In recent years hellebores have been transformed: they have come a long way since all we had were single-flowered forms in white, pinks and reds with unpredictable spotting. Now we have singles in every shade (except true blue), including white, almost black, uniformly speckled or splashed with darker markings, even striped; there are picotees, dark-eyed forms and intriguing colour melds, and an increasing range of anemone-centred forms and full doubles. Shapes now vary from beautifully and symmetrically rounded to dramatically star-shaped. There are exciting new interspecies crosses too, new ones every year. How did this come about?
The Hellebore Breeders
Hellebore anenome centred hybrid
Although hellebores have been bred for over 150 years, the earliest significant breeder was Helen Ballard (1909-1995) who travelled extensively to study and collect hellebores and from the 1960s onwards bred a superb range of stunning hellebores. She worked hard to introduce the first yellow and the darkest slate coloured Helleborus x hybridus. Many of our finest hellebores today have been bred from Ballard originals.
In 1949 Frederick Stern showed the cross of Helleborus argutifolius and Helleborus lividus and it was named after him; Helleborus x sternii (although he may not have been the first to identify, make or show the cross.) Around the same time Eric Smith and Jim Archibald bred some superb named varieties, Eric was highly regarded and Helleborus x nigerstern was renamed as Helleborus x ericsmithii in his honour, as he was the first to make that cross.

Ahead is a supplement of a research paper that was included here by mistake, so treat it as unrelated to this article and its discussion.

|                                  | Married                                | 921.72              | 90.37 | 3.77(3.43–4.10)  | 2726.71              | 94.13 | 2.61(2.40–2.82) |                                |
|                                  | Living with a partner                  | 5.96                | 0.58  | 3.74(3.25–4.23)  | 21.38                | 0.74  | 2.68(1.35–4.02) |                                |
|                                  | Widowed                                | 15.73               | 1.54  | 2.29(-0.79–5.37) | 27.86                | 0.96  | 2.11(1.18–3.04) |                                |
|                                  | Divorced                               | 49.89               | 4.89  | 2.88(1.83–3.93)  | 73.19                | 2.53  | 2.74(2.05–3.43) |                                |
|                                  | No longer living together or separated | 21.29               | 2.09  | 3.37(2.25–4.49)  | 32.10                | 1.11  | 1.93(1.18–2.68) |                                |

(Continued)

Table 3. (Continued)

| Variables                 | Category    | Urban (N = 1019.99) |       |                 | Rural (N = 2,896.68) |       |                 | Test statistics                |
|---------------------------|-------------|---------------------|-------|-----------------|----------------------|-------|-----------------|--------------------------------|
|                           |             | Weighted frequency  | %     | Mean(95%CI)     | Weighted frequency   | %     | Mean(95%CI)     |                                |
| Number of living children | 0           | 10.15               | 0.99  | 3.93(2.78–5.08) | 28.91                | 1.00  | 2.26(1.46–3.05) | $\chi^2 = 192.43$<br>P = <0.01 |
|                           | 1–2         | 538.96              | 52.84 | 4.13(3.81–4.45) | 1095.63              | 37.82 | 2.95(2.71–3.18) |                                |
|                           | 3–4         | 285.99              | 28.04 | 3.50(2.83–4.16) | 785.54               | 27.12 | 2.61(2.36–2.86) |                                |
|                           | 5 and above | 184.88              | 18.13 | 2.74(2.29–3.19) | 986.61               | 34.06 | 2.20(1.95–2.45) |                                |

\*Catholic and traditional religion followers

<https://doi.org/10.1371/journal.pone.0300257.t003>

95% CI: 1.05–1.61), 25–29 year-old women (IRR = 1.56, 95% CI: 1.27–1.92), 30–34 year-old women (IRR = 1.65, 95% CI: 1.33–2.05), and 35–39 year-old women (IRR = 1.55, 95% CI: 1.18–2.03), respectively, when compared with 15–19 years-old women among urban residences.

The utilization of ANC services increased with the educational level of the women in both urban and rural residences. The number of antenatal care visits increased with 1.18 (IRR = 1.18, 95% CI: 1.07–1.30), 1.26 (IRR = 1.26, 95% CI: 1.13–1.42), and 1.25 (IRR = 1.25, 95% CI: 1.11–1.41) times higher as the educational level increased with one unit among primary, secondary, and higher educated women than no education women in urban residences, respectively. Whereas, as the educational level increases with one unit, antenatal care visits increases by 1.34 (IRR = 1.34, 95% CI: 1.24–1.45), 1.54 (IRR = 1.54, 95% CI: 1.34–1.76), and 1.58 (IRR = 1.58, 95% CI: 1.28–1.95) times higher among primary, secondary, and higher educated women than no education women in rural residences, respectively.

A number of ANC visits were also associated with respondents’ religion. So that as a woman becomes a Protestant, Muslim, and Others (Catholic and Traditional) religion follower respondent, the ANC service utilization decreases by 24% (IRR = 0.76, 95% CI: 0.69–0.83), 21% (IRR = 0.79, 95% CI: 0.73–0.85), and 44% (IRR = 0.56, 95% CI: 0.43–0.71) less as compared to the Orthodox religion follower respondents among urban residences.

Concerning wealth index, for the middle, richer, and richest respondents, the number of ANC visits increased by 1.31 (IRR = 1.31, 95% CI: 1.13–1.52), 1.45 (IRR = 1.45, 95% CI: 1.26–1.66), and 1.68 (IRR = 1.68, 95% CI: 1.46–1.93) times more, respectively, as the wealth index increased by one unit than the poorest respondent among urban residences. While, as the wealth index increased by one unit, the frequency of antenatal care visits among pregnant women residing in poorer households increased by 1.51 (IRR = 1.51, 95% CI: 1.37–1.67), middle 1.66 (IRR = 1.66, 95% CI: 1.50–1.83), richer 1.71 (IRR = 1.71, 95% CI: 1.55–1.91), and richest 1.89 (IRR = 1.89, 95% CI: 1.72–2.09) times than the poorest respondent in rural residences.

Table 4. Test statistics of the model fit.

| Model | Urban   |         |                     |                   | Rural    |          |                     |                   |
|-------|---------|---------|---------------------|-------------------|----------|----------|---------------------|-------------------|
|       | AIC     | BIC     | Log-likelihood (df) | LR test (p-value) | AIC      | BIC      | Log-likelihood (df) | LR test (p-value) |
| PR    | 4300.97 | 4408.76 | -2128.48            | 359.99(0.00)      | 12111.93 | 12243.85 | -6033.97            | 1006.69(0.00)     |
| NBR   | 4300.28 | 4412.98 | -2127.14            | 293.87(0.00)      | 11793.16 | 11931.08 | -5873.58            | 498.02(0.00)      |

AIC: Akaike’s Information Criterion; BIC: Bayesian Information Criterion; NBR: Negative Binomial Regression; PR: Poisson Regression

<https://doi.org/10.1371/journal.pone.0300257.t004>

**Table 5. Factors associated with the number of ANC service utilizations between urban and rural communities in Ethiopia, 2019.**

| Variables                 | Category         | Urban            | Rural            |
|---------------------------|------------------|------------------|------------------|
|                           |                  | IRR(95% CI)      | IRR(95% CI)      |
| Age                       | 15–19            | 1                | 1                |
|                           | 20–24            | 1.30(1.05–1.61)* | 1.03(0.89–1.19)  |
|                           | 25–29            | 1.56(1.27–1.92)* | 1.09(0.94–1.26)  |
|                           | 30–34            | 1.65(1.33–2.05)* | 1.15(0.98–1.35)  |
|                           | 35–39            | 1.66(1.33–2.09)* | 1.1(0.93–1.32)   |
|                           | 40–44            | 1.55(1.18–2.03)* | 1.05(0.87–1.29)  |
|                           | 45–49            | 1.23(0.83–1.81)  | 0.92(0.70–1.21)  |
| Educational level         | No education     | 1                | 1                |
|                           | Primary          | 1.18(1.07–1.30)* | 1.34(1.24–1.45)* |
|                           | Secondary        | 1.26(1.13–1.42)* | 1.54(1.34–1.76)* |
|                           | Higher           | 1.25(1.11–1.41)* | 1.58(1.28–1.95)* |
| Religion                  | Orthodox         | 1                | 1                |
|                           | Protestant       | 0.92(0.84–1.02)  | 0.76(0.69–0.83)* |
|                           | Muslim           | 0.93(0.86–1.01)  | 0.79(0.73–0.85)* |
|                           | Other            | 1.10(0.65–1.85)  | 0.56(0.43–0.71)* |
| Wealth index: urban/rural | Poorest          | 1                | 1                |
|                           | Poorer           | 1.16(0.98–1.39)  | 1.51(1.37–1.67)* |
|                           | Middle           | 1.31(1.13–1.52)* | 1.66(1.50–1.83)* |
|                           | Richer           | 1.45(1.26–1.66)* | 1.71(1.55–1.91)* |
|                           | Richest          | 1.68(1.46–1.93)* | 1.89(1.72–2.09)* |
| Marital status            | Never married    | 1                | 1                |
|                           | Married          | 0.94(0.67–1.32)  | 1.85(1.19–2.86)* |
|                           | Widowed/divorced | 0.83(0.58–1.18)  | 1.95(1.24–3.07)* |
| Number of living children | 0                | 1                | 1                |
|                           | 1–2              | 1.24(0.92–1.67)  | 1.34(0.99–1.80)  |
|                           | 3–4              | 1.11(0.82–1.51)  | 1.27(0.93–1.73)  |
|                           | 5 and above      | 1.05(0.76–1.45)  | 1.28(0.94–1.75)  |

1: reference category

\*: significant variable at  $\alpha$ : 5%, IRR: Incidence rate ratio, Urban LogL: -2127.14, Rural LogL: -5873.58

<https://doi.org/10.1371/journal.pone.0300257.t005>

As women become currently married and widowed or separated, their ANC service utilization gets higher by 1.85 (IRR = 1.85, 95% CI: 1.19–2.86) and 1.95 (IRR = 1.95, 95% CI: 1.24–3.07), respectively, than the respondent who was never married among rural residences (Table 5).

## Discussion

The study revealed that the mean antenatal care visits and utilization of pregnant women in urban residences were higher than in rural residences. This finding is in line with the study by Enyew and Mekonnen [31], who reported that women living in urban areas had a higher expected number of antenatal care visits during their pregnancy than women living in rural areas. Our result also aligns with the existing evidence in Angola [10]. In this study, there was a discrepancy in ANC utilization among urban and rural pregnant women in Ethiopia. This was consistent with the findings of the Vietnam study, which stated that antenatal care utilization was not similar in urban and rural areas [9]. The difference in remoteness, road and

Following on, Elizabeth Strangman, who ran Washfield Nursery in Kent, travelled and collected extensively and discovered two naturally double hellebores in the wild, she went on to breed some lovely double forms as well as many other new strains. She perfected a simple hybridisation and selection technique and published the details in the ‘The Gardener's Guide to Growing Hellebores'.
Robin White of Blackthorn Nursery in Hampshire and John Massey of Ashwood Nurseries in Warwickshire were two enthusiasts who picked up on her pioneering work, along with a few imaginative American and German hybridisers, and took it forward. Robin's fine doubles include the ‘Party Dress Hybrids' and the anemone-centred forms known as ‘Westwood Hybrids'.
John Massey's Ashwood Nursery remains one of our biggest hellebore breeding outlets with huge numbers exported worldwide, in particular to Japan. Two unique interspecies crosses he introduced are Helleborus ‘Briar Rose' and Helleborus ‘Pink Ice'. He offers some superb yellow and apricot forms as well as some with unusual markings.
A lot of significant collecting and breeding on has been carried out by Will McLewin of Phedar nursery and botanist Brian Mathew has studied hellebores intensively and written one of the few hellebore books that are around.
Lynda Windsor and Rodney Davey started their tiny Devon nursery about 25 years ago and five years later Elizabeth Strangman sold them a ‘job lot' of unflowered hellebores. They sold most, but kept back just two or three and started their own breeding programme. Rigorous selection over the years resulted in their ‘Homelea Hybrids', superb singles, doubles, and anemone centred forms. The real breakthrough came with Rodney's marbled group and in 2011/12 he introduced Helleborus ‘Penny's Pink' and Helleborus ‘Anna's Red', two unique crosses. They have been met with much acclaim.
On a much grander scale Roger Harvey of Harveys Garden Plants is producing good hellebores in great numbers, as is Harvington Nursery which produces a huge range and sells directly to Garden Centres.
Copyright © for this article and pictures by Diana Guy (2013). Reproduced with permission.